I remember sitting beside the open window of the reading room inside the archive in Granada (a repurposed Renaissance palace, one of the loveliest archives I’ve ever used), reading those terrible newspapers from the summer of 1936—the black headlines, the trucks, the guns, how the city morphed overnight into a battleground. I’d take a break midway through my morning and go across the street for a coffee, and sit there chatting with the bartender, and wonder how this peaceful and pretty city could have turned so abruptly into a killing zone in our own century. The barracks, the truckloads of victims ascending the steep road to the cemetery next to the Alhambra, where the firing squad waited.

And here I sit now, in my own country, sipping coffee, chatting with friends. The sun is out, the streets calm. I read the headlines and turn the page and every so often wonder if 50 years from now a scholar on a government grant will be poring over the articles I’m reading today, asking how did they not know.

How long before we enter the time of cords and scourges and lamentations? Or are we there already and just don’t see it?

Audiences

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“Sir, the public is here.”

“Show them in.”

Last week in Madrid I attended a new opera version of Lorca’s El público at the Teatro Real. I’d bought tickets online and was able to walk through the long-ish queue of people waiting to get entradas an hour before curtain (at the civilized Spanish hour of six p.m., so you’re out in time for supper). The crowd—Lorca’s público—were mostly Bohemian types, in jeans and tights, on spindly heels, one or two in something resembling Birkenstocks, many with long gray hair and chic eyeglasses. An intellectual set, or so I want to think, given that I was among them.

Audiences live in obscurity, especially at the Teatro Real, one of the glorious old Madrid theaters that rises in semi-circular tiers around a single orchestra floor. The true believers took the cheapest, most compromised seats high in the opera house heavens. Not quite as ardent (perhaps it comes with middle age), we parked ourselves a tier or two below, in a crowded semicircular box with limited sightlines. We couldn’t see the orchestra (more than 35 musicians, including a guitarist and several percussionists backed by rows of gongs) or much of what took place in front of the curtain. But the stage itself was mercifully deep once the curtain lifted, and we were able to catch most of the action and the critical surtitles, though I had to sit up very straight to see clearly, and by intermission my back ached.

 

a2Lorca left the manuscript for El público with a friend in the summer of 1936 when he took off for Granada days before the outbreak of the Civil War, convinced he’d be safer there than in Madrid. How he might have revised the play had he lived to see it produced is one of those vexing unanswerables. The new opera’s librettist, Andrés Ibañez, says given the unfinished, almost hallucinatory state of the script Lorca left behind at his death, the work “seems the perfect candidate for conversion into opera.”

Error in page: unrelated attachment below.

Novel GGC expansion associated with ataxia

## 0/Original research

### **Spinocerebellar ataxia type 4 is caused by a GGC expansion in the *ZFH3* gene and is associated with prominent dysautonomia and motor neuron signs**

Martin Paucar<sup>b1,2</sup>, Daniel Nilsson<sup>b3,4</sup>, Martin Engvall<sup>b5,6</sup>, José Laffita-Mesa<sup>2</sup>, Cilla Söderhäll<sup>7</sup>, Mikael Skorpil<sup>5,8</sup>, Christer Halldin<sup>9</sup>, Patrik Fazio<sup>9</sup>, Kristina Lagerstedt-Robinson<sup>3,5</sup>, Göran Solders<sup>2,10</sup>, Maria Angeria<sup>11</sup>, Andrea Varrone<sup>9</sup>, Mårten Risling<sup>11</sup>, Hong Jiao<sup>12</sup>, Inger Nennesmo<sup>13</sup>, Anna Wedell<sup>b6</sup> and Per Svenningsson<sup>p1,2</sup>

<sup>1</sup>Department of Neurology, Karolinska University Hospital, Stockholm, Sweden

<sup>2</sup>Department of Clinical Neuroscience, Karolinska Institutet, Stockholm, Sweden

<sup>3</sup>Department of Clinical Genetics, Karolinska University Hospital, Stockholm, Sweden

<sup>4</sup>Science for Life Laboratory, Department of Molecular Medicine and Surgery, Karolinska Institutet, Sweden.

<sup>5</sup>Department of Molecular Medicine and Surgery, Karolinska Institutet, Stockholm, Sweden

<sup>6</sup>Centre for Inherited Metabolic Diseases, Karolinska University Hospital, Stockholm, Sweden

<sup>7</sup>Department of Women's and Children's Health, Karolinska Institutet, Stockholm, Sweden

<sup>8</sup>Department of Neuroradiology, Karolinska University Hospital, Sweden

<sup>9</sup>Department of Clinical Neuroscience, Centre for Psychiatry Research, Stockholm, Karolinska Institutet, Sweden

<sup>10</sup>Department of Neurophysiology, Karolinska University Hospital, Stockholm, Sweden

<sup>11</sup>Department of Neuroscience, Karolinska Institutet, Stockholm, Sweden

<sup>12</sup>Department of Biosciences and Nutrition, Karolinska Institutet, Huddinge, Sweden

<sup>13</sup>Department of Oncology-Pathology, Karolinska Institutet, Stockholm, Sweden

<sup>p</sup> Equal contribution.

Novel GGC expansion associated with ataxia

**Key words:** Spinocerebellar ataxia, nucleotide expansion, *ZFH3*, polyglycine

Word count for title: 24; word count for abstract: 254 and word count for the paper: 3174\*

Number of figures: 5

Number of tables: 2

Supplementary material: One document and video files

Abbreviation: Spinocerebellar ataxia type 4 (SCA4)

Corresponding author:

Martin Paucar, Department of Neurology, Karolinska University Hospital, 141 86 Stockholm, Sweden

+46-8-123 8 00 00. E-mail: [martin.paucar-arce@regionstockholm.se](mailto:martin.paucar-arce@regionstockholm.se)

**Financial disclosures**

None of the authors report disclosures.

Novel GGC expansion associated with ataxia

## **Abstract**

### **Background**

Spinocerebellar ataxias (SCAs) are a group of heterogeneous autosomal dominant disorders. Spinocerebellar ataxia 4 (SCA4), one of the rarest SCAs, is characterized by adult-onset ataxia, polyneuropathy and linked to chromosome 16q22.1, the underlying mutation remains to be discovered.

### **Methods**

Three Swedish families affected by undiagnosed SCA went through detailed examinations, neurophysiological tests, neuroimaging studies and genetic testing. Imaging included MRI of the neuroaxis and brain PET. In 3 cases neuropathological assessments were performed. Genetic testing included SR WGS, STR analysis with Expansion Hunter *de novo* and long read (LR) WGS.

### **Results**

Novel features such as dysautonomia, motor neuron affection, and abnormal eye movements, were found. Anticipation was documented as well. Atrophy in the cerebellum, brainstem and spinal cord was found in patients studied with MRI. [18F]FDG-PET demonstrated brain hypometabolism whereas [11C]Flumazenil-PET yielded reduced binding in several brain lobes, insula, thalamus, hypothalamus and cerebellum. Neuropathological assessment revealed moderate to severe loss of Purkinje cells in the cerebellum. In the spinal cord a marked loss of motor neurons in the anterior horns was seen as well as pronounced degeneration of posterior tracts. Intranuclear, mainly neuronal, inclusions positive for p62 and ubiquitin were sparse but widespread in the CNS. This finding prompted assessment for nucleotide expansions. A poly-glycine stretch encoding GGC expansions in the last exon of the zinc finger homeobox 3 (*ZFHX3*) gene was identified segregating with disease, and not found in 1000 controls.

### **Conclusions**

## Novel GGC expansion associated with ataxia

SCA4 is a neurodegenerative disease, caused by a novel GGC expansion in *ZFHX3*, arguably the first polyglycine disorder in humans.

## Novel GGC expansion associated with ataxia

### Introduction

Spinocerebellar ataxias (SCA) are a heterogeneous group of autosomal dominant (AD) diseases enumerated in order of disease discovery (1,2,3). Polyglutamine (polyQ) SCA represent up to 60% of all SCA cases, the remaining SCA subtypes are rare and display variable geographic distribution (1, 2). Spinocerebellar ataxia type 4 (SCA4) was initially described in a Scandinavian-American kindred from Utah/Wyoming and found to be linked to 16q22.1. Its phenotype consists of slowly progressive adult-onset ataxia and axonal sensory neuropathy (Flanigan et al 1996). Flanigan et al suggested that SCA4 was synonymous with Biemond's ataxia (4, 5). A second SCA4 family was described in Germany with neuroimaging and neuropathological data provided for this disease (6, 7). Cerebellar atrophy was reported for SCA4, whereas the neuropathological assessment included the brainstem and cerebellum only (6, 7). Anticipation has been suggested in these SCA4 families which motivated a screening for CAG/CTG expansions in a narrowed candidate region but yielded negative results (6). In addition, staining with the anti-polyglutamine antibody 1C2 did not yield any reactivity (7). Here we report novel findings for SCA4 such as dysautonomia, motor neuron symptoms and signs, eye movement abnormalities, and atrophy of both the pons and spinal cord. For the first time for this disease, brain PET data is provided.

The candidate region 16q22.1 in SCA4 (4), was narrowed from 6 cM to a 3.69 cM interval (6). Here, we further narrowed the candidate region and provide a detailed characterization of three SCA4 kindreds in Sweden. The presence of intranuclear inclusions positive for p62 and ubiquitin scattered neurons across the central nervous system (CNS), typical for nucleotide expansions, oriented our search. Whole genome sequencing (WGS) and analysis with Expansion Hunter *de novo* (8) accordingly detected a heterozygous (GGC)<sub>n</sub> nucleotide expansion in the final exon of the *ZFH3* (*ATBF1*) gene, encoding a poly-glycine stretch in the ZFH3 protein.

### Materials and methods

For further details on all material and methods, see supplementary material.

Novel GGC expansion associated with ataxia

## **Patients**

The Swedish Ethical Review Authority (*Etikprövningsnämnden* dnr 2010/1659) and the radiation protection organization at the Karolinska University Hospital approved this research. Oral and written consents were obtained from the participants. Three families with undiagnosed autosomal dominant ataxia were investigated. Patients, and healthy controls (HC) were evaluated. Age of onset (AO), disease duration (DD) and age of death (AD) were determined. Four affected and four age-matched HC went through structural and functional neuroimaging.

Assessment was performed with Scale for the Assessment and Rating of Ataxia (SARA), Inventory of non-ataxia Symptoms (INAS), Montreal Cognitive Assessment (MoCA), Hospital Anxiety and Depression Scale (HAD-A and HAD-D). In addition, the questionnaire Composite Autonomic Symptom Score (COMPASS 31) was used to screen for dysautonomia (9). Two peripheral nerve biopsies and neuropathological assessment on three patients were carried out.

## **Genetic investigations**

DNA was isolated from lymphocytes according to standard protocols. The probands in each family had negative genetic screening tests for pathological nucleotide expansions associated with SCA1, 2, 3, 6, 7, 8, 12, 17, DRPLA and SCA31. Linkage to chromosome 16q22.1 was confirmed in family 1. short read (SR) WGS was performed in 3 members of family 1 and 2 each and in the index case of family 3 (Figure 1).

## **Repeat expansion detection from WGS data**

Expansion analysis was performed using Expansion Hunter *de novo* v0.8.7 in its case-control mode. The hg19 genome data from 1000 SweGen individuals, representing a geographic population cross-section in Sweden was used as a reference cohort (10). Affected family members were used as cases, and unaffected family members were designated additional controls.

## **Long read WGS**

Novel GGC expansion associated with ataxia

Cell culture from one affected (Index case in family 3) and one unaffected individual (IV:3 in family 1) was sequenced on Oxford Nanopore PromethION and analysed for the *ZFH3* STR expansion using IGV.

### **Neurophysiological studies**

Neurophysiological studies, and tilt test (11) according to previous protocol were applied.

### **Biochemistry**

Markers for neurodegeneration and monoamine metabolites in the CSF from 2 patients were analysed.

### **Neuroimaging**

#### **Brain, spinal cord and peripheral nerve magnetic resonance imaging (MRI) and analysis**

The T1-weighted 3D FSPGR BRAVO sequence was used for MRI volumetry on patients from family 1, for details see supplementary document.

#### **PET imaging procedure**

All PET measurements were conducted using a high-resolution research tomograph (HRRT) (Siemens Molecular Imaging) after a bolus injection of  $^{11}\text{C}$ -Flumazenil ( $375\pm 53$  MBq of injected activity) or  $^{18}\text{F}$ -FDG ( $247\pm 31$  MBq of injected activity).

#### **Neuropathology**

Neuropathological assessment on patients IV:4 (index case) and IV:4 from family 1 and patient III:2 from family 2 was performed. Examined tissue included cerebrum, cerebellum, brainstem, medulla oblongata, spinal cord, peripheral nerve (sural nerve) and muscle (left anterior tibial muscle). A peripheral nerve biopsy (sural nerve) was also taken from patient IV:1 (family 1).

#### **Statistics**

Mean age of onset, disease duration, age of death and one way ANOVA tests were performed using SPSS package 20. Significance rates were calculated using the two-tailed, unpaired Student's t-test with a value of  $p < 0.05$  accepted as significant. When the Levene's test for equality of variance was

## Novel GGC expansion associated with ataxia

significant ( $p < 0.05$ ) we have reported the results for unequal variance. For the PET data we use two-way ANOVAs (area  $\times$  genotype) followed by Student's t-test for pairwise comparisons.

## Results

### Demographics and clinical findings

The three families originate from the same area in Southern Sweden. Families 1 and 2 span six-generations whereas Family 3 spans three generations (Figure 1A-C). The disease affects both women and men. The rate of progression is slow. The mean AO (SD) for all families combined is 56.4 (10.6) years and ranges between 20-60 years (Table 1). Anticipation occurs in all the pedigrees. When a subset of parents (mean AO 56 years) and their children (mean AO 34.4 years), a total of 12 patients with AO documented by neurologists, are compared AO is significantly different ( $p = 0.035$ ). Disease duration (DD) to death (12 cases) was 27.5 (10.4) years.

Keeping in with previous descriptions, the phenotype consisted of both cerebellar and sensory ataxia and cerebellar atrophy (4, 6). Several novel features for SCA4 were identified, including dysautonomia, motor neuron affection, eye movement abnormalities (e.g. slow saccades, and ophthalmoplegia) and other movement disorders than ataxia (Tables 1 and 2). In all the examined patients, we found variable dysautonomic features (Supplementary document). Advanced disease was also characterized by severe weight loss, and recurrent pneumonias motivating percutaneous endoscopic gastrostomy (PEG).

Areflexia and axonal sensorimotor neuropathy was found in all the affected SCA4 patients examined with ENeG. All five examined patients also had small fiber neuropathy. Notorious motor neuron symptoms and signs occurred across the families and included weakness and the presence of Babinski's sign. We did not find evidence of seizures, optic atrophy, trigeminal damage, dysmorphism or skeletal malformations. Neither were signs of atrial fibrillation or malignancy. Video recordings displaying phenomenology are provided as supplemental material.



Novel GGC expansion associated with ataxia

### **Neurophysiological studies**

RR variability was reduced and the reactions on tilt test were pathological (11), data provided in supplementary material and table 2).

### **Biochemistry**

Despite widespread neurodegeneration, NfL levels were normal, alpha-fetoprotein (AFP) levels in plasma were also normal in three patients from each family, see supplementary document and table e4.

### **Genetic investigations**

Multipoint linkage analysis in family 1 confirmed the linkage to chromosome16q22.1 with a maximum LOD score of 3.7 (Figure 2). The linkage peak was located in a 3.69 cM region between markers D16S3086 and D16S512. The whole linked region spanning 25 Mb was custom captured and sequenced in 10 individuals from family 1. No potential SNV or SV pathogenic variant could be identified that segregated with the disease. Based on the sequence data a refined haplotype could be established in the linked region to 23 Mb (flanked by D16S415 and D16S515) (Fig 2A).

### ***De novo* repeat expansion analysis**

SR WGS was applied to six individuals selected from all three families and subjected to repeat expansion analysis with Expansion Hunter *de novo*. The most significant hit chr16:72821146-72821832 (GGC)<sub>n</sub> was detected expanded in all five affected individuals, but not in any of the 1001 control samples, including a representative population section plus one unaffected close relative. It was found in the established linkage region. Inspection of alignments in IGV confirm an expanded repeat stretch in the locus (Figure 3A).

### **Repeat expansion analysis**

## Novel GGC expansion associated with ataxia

Music freed the play from the constraints of logic, and for once I yielded with pleasure, not confusion, to its jumble of images and ideas. The text itself became a component of the whole, not the dominant thing, and so its inconsistencies and surprises distracted less. This difficult work about love and erotic force and sacrifice and death made new sense. (A nod to composer Mauricio Sotelo for his captivating use of flamenco in this least-flamenco of Lorca’s plays.)

“One must destroy the theater or live in the theater,” Lorca writes in El público. I’d always understood this to mean you have to obliterate the tedious bourgeous theater (still so dominant—a production of Lion King was playing a few blocks away on Madrid’s Gran Vía) or else abide in it, but the opera made it clear we can’t destroy the theater, because that’s all we’ve got: masquerade and scene-playing, the props with which we perform our lives. Without them, human existence deteriorates into base instinct.

It all has me thinking about the experience of being an audience, part of el público. Crammed into a little box, unable to see, acutely aware of the people around you—the woman who sat beside my husband, for example, who kept turning her head violently away from him, as if he might contaminate her (maybe she craved a solitude she couldn’t afford). The airline had lost our luggage, and I was wearing new pants and a new cotton shirt that wouldn’t breathe, and I couldn’t cool down. I’d had wine with lunch and was thirsty, and my shoes, also new, pinched. The discomforts we endure as audiences aren’t far from the discomforts of travel, it occurs to me. Tight and costly seats. Little to no leg room. Yanked from the known and plunged into darkness with only our carry-ons for comfort. Wondering how the journey will affect us, whether we’ll arrive intact and return safely, whether we’ll be changed. And willing to pay dearly for the experience, again and again.